Although VIHMIRU is still very much under the radar, it won’t be long before more find out about it as word of mouth is a very powerful marketing tool.
Who or what influences you in your work? Because my brand is heavily themed around night owls I just think up ideas that will relate. I know what I feel looks good so once I have an idea I just work it up and develop it until I’m happy. It goes from hours to days and even weeks. I’m quite meticulous in my approach.
And I try not to be influenced too much by what others are doing.
But if a brand actually makes me notice them because they’ve put out something truly remarkable it kind of gives me a kick up the ass. It makes me think, ‘I should be making those kinds of moves’, and sets me off in a new direction to create something better.
What’s your take on the independent clothing scene in the UK at the moment? How do we compare to the rest of the world – can UK brands compete on an international stage? I don’t understand the mindset of certain people; what makes t-shirt brand X think they’re better than t-shirt brand Y. Is it the type of design (illustrative, photographic, mature, comedic), is it the type of shirt (loose or fitted), is it the printing technique (discharge, plastisol, foil) or is it what their brand is all about, their ‘ethos’. Who knows. But if these t-shirt brands want to break the mould they need to up their games and bring something new to the table.
But if you’re not prepared to invest, take risks and work hard, then you’ll get nowhere fast.
I believe the UK independent clothing scene has the potential to be truly great but it’s about having the right product, made by the right suppliers and having the capital to make it all happen. Using ‘blanks’ for clothing will only take a brand so far and the same goes for generic ‘off the shelf’ items and just branding them.
The aim for all brands should be to end up doing cut and sew garments and fully custom products. Creating everything to spec, even t-shirts. Everyone wants something unique that no-one else has. But because of the crazy high MOQ [minimum order quantity] it’s super expensive.
The UK also doesn’t seem to have the same sort of facilities that are available in the likes of China and the US. I’ve tried to get a lot of my products made in the UK but ended up elsewhere because we just can’t cater for it over here. That is our disadvantage. If there was a super decent manufacturer in the UK that offered cut and sew with reasonable MOQ, they’d make a fortune.
Speaking of which; my next task is to source some cut and sew manufacturers, wherever they may be located.
All that said, we do have some brands in the UK that are smashing it and doing it right. One brand that is yet to launch but looks pretty dope is Enclave. I’ve got high hopes for it [so have we]!
Where do you see you and VIHMIRU being in 5 years time? I run VIHMIRU in my spare time around a full time job. In 5 years, I’d like to be running VIHMIRU full time, possibly out of a brick and mortar store as well as online and have a much wider variety of products. I’d like VIHMIRU to have also gained a substantial loyal following both nationally and internationally.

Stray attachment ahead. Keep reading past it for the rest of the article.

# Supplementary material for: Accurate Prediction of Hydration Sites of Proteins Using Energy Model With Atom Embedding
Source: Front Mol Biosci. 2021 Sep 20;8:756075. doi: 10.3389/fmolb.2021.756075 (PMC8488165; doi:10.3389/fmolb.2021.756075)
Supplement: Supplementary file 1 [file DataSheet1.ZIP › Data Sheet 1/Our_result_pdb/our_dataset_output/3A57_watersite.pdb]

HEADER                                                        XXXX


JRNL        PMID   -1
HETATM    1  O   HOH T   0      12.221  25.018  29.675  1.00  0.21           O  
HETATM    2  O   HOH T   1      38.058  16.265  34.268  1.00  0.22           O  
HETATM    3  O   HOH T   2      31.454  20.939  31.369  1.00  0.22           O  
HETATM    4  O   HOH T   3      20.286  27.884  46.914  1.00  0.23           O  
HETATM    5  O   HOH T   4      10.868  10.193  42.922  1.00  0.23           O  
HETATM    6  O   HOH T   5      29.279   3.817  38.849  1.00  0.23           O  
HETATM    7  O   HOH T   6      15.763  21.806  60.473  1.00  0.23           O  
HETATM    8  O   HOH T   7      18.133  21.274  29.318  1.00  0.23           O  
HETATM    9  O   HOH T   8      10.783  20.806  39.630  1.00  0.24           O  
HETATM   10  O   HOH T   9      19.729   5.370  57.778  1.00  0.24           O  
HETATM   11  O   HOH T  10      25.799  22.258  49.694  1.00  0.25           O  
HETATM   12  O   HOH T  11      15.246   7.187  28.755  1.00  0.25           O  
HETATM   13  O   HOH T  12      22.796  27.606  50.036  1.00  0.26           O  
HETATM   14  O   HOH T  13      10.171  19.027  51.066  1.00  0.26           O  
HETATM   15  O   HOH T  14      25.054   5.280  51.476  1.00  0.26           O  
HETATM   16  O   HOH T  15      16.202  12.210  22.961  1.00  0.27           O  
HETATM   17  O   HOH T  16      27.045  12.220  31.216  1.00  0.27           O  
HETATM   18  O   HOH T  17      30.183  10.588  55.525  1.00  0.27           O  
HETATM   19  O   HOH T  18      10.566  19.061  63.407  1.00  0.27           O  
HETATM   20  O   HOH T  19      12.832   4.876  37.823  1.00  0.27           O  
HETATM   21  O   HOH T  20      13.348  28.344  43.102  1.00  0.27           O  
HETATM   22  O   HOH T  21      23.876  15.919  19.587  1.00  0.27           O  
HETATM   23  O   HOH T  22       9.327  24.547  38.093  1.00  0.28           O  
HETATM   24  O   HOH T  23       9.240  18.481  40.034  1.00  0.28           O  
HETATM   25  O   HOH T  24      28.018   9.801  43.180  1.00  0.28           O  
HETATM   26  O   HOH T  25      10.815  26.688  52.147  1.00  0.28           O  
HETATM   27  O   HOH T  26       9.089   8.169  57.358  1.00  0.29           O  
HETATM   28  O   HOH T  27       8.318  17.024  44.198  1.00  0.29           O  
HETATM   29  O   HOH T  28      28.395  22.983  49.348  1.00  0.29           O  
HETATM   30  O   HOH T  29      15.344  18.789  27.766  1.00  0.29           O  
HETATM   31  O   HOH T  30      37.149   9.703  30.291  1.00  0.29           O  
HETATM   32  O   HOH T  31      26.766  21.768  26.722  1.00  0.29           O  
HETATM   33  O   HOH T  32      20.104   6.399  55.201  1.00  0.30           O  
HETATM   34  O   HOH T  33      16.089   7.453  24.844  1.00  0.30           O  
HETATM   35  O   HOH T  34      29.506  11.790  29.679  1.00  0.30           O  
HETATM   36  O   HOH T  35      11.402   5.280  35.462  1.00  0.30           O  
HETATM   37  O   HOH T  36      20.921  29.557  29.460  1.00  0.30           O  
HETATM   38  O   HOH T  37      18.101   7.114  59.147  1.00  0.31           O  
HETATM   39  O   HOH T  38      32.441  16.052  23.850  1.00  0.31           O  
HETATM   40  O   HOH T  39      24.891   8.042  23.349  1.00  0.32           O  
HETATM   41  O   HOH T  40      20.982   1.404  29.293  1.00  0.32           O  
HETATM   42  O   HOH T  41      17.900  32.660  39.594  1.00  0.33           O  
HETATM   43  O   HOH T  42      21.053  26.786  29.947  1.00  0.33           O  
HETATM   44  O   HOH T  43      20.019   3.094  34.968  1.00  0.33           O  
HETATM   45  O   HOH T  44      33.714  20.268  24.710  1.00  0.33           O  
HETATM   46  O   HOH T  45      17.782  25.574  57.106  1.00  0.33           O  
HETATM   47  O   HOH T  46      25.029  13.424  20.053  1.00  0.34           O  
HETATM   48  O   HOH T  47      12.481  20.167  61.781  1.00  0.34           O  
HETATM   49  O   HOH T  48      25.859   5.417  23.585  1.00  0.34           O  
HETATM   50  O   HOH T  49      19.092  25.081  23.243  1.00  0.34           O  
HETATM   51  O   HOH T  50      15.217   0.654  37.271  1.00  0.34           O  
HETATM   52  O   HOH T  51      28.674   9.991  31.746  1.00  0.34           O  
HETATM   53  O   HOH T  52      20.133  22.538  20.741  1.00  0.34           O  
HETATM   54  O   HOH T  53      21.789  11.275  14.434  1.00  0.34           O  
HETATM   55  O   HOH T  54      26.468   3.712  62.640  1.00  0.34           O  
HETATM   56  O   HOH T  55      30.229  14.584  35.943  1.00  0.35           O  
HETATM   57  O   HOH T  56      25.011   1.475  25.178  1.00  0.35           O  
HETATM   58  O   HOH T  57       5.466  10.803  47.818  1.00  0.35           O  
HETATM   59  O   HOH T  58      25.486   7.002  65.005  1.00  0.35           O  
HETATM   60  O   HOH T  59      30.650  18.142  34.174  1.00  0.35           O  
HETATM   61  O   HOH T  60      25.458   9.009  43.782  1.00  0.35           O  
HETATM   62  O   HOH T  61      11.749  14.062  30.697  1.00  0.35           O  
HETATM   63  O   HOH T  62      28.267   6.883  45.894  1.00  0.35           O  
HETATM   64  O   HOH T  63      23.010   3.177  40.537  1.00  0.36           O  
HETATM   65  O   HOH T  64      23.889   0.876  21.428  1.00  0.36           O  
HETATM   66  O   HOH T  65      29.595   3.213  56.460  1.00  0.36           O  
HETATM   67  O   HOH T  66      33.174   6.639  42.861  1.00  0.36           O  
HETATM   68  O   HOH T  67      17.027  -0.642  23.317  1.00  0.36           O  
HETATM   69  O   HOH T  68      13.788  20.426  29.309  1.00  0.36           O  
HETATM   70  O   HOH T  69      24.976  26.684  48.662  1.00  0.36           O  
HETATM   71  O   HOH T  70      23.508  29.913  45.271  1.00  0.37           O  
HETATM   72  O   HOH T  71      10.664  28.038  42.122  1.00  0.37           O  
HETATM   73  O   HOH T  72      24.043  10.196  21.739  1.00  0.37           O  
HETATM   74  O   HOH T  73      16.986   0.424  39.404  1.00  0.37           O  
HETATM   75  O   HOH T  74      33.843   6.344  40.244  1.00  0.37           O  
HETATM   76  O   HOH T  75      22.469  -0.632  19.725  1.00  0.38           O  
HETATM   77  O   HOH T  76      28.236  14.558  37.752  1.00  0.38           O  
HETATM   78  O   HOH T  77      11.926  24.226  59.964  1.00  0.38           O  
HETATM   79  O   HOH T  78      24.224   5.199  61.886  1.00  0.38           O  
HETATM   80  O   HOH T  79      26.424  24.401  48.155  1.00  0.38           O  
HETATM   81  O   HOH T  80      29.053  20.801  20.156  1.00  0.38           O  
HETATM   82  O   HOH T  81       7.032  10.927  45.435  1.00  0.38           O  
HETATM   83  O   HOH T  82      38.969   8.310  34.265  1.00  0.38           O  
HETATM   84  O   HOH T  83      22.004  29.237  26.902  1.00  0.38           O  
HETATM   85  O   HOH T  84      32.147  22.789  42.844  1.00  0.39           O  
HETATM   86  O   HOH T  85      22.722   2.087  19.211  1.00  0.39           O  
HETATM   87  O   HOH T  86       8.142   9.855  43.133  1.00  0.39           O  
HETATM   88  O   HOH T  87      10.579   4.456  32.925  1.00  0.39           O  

Where can people expect to catch your product, is VIHMIRU in any physical stores? Customers can currently only purchase products from the official online store.
I’m actively turning down stockist requests at the moment because it feels like I’m just selling out. I want my brand to reach new heights on its own and not get successful off the popularity other already established stores.
Yes, it would be hugely beneficial and some might see it as wasting an opportunity but I just see it as taking the easy route.
I have expressed an interest to certain stores that I may be up for the possibility of VIHMIRU in-store exclusives. I’d do a design or two for each store and have those particular designs only available at those stores. But I haven’t decided on anything concrete yet.
The most obvious benefit of having products in physical stores is customers being able to see them in person, touch them, try them on etc – which you cannot do with an online store.
However, I do provide superb customer service which many can attest to. If someone orders something that doesn’t fit right or they decide they don’t like it because the pictures haven’t done it justice, I’m happy to accommodate returns and exchanges.
If you could say something to your fans, what would it be? Likewise to your haters? To the fans; Thanks for the tremendous support thus far! It’s more than appreciated and keeps me motivated for putting out new products. And keep the feedback coming; it’s always good to know what you want to see from VIHMIRU.
To the haters; Well, you’re going to hate aren’t you…
Top 5 favourite albums?
- Wait What – Notorious XX
- Fort Minor – The Rising Tied
- Linkin Park – Reanimation
- Wu-tang vs. The Beatles – Enter The Magical Mystery Chambers
- Dead Prez – Lets Get Free
Shoutouts Big ups to Cal Baker, Studio RUDO, Enclave, FKOF [big up!], BREAKSof10, The Daily Street, Swallows & Daggers, DBD, SGT, Setup85, Brandon D’Orlando, Alex Kel and LiamTheHuman – these guys have been super supportive of everything I’m doing. And a huge shout to everyone else that has been there along the way.
It’s worth noting that VIHMIRU is just Ben. He runs the entire show, from design to marketing to sales – and everything in between. We’ve been consistently impressed with his work with the brand, and are amazed at what he’s built in under a year. All whilst turning down support from external stockists. A truly sensational first year – and we’re pretty sure Ben can only build on these successes!
If you’re keen on what you’ve seen or what you’ve read, head over to the VIHMIRU Facebook page, follow them on Tumblr or Twitter and hit up that all important webstore to support Ben’s hard work and his awesome brand. We will be!
If you have any thoughts on what Ben from VIHMIRU has had to say, or want to recommend us a new brand you’ve discovered or just want a chat about something you’ve seen on FatKidOnFire, fire us a comment below or get in touch via email, Twitter, Facebook or the FKOF TakesQuestions page.